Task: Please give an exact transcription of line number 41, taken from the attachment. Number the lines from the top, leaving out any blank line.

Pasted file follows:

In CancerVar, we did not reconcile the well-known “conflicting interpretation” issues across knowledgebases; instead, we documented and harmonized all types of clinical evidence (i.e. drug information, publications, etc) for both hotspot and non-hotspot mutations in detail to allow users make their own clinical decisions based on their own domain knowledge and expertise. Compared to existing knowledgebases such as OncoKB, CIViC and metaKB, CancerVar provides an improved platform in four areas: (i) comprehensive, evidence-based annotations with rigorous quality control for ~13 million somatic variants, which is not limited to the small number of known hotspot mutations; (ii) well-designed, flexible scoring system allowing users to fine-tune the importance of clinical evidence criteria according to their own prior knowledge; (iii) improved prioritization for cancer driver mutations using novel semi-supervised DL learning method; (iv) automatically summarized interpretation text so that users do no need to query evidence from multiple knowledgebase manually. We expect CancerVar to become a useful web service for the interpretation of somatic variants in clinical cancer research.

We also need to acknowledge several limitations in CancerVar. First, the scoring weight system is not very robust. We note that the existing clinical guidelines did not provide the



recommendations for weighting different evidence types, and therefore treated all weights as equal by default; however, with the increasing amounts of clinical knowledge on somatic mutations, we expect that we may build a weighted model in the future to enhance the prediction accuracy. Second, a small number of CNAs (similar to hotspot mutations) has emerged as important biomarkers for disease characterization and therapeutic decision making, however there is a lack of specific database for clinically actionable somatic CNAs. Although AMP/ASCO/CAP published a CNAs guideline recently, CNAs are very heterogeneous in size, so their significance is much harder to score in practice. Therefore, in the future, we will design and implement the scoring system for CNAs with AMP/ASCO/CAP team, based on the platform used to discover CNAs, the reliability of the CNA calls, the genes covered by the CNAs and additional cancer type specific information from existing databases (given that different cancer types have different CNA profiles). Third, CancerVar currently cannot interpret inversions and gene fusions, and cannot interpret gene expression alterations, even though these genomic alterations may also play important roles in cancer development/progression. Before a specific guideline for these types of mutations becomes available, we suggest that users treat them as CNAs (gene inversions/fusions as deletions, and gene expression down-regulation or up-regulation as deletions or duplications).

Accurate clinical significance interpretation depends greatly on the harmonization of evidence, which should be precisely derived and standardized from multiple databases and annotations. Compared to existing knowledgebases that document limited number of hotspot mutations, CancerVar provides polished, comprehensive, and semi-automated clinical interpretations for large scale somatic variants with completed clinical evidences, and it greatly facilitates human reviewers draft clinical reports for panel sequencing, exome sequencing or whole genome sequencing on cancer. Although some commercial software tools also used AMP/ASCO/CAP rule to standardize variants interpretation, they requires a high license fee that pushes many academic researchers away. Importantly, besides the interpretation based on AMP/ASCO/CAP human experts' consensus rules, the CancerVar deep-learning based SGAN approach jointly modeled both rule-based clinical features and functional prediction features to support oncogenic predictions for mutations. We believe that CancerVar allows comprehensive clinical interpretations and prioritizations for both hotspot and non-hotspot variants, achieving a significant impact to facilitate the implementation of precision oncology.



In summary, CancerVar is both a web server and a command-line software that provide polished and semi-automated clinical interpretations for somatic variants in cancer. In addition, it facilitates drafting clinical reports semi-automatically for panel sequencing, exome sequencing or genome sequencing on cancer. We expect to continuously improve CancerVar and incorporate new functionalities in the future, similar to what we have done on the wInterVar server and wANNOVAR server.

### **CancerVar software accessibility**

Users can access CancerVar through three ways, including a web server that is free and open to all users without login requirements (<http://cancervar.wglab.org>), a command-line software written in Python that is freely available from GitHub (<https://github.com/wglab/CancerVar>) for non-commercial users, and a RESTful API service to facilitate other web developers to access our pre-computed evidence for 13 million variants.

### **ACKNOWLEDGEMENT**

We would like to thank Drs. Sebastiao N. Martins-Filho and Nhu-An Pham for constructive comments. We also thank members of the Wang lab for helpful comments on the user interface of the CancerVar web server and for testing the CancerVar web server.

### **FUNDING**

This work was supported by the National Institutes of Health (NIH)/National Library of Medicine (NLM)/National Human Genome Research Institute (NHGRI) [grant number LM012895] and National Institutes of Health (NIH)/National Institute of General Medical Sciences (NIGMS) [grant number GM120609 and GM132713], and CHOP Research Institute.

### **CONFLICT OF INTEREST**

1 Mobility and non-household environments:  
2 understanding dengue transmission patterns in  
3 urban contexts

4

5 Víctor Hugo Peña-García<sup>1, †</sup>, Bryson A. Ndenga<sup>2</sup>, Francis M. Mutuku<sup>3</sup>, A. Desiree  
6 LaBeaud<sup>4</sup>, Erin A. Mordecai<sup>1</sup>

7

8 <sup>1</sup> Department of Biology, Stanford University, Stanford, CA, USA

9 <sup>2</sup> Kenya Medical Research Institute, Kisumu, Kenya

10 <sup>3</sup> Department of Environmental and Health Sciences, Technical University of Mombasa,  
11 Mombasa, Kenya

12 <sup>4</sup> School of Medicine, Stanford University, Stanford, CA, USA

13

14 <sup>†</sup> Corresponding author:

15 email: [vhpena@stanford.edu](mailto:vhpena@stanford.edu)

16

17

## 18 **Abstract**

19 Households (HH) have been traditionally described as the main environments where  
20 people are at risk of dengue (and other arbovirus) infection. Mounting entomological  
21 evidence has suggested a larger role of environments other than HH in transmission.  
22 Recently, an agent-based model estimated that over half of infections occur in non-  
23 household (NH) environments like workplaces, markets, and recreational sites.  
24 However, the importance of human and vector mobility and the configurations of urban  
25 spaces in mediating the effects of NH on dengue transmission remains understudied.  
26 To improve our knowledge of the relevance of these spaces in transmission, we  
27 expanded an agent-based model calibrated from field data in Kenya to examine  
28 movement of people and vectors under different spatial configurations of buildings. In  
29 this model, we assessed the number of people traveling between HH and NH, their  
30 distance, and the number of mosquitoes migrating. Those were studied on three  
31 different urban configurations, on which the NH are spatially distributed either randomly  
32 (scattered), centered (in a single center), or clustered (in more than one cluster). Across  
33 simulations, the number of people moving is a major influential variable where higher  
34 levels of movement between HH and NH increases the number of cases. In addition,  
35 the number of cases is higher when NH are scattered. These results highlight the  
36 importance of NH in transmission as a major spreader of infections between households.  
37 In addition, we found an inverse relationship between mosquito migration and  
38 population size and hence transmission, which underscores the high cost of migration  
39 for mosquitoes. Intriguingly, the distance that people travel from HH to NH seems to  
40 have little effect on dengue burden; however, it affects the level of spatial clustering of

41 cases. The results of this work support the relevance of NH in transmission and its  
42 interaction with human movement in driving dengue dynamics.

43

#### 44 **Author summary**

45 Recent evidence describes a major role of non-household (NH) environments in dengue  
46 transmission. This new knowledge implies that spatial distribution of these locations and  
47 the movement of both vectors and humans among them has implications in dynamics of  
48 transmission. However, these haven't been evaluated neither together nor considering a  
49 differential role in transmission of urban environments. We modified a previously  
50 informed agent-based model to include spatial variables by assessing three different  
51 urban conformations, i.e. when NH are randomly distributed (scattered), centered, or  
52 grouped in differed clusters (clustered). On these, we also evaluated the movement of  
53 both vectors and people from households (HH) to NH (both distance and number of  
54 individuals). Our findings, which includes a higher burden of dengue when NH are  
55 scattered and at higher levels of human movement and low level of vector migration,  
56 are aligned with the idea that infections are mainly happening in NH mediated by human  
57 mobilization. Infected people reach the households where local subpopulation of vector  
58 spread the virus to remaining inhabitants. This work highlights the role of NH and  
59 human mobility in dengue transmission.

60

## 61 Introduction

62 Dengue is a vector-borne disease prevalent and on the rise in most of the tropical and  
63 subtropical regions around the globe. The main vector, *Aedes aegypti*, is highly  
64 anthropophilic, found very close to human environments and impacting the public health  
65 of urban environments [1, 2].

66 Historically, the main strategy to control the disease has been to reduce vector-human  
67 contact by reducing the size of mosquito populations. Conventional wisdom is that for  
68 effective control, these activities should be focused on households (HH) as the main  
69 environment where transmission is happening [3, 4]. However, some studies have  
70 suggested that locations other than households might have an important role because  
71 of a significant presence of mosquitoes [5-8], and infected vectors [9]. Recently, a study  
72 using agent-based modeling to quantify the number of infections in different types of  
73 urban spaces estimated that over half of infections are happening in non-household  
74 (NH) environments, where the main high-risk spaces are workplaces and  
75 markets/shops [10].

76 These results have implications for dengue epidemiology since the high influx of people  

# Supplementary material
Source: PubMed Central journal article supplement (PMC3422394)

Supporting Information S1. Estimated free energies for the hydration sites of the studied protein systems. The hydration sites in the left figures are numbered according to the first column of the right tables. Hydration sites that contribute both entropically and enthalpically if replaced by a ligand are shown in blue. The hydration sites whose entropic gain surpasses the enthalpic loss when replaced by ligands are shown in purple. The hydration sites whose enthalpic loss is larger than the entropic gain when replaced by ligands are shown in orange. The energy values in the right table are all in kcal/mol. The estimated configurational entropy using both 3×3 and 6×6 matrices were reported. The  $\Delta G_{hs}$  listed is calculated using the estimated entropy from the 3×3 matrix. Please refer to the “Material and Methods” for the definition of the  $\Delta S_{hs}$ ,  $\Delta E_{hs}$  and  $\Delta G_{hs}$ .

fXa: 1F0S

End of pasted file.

29 this model, we assessed the number of people traveling between HH and NH, their  